“This is war,” said Damien yesterday.
Yesterday, we heard the shooting. Like the muffled sounds of handguns fired in liquor stores, it went on all morning. We thought for a moment that we were back in Baltimore.
Pow… pow… pow… at intervals of an hour or more each time.
“How’s the campaign going?” we asked at lunchtime.
Damien stood at the door of the library, with a large smile on his face. He wore his green overalls. And since the weather was so bad, he had on his cap with the large earflaps hanging down. The overall effect was of a big, friendly dog waiting for a pat on the head.
But this puppy was packing heat. Damien held in his hand a loaded, skeletal gun that looked like it may have been made in a prison shop, out of a license plate, when the guards weren’t looking.
“Not bad. You heard the shots. Each shot; one more dead mole.
“I think I’ve got them all from the front yard. Now, I’m going to attack on the left flank.”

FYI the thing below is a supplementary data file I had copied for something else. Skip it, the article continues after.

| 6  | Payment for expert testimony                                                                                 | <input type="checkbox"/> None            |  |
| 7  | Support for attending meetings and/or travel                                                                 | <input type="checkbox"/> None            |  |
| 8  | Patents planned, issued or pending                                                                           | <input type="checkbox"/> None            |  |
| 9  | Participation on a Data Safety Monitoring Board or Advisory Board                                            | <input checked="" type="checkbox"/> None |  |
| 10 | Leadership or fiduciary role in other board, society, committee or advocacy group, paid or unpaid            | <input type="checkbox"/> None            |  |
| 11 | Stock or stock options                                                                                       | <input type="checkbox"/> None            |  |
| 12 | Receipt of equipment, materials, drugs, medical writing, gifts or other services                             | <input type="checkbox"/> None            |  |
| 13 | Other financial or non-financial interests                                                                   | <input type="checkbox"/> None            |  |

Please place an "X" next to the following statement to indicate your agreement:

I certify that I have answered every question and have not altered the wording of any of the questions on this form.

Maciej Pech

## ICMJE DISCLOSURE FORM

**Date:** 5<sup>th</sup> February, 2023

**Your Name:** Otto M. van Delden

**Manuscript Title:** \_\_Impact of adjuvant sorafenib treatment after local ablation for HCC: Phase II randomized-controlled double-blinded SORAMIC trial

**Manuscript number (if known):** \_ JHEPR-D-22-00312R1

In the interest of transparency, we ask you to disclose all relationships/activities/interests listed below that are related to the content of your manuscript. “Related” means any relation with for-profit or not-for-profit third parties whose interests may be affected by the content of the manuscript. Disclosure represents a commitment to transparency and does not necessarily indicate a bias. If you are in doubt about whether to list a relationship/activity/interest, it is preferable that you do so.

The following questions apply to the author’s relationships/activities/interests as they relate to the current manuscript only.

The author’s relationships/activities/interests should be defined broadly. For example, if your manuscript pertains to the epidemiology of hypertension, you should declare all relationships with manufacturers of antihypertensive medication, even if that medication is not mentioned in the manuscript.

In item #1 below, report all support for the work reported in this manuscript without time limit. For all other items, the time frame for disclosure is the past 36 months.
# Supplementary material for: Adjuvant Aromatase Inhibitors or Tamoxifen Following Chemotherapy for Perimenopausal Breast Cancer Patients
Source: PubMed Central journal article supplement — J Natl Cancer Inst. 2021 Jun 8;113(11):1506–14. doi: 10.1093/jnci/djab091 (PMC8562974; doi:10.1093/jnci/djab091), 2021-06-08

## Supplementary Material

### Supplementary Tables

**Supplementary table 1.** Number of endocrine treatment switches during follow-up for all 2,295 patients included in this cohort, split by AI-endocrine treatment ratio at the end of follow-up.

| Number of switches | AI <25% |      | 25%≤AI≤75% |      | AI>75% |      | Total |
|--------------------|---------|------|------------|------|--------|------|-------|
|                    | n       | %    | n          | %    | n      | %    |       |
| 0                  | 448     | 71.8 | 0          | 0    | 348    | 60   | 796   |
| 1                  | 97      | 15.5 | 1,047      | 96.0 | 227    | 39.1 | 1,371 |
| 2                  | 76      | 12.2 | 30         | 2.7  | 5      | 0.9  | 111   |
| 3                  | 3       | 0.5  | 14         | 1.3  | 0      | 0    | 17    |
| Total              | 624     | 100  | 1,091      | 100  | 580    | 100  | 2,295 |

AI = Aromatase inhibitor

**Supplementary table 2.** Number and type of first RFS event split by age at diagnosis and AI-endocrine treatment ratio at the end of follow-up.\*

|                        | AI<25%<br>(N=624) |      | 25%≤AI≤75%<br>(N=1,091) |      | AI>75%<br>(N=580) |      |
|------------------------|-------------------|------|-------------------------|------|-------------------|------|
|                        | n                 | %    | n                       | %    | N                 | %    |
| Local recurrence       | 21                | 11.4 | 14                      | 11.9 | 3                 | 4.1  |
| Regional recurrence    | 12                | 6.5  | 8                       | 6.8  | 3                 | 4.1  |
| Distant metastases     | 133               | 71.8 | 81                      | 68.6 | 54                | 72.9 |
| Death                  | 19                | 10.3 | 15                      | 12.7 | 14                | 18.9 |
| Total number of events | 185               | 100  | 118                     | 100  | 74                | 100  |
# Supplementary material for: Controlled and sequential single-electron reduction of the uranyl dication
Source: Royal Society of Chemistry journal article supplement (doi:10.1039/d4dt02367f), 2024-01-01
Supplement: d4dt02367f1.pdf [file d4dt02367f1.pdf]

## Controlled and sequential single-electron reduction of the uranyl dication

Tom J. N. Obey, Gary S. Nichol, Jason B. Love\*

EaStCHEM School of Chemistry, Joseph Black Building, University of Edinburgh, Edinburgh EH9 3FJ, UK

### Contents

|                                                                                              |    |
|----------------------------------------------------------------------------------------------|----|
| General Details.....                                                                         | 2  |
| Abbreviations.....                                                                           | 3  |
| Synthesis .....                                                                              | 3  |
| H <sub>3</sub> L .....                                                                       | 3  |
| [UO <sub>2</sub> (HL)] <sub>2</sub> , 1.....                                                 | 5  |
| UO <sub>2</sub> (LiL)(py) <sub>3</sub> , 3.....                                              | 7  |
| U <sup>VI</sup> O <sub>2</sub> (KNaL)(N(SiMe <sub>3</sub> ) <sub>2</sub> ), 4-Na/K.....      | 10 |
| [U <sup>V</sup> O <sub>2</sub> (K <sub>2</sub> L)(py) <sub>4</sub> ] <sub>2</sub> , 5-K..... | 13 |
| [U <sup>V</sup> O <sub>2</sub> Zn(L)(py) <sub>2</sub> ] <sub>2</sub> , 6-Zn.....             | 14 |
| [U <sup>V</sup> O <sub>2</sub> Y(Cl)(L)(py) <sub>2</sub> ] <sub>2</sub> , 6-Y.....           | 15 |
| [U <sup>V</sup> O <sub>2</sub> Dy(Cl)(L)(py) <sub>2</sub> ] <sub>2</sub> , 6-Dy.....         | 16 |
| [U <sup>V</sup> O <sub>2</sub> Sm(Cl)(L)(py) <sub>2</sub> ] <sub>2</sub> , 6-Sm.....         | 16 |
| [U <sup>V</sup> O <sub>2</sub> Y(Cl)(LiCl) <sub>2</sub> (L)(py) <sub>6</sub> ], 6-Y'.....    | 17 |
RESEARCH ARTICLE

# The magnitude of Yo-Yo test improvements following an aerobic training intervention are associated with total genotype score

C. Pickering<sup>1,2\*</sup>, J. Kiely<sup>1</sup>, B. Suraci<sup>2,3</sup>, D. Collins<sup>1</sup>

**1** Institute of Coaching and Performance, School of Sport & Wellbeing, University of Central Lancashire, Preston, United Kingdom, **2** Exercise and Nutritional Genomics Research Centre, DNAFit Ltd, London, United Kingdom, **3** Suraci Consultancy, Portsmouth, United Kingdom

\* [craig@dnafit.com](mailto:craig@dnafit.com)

We wondered about his strategy and his artillery.
“Won’t they just come back into the front yard?”
“Yes, but not for awhile. This war never ends. It’s like your war on terror. You can never get rid of the moles entirely, because you can’t kill them all. But if you kill enough of them in the early spring, you’ll be fairly free of them all summer.”
Damien’s war to exterminate the world’s moles goes back years.
“I’ve tried everything. Poison … traps… and just shooting them. Sometimes, I just take my rifle and wait. When I see a pile of dirt welling up, I just go over and shoot right down into it. Not very sporting. That stops them. But this is the best thing…
“This is an anti-mole gun,” he explained, showing off the latest military hardware – an AMD, anti-mole device, as it is likely known in the trade. “You just put the cartridge in like this… and then you cock the trigger… like this… and then you put it in the mole hole. As soon as the mole touches it, he gets it right in the face.”
“Oh… poor thing… ”
“Nah… there’s no bullet. It’s just a charge of gas. Very humane.”
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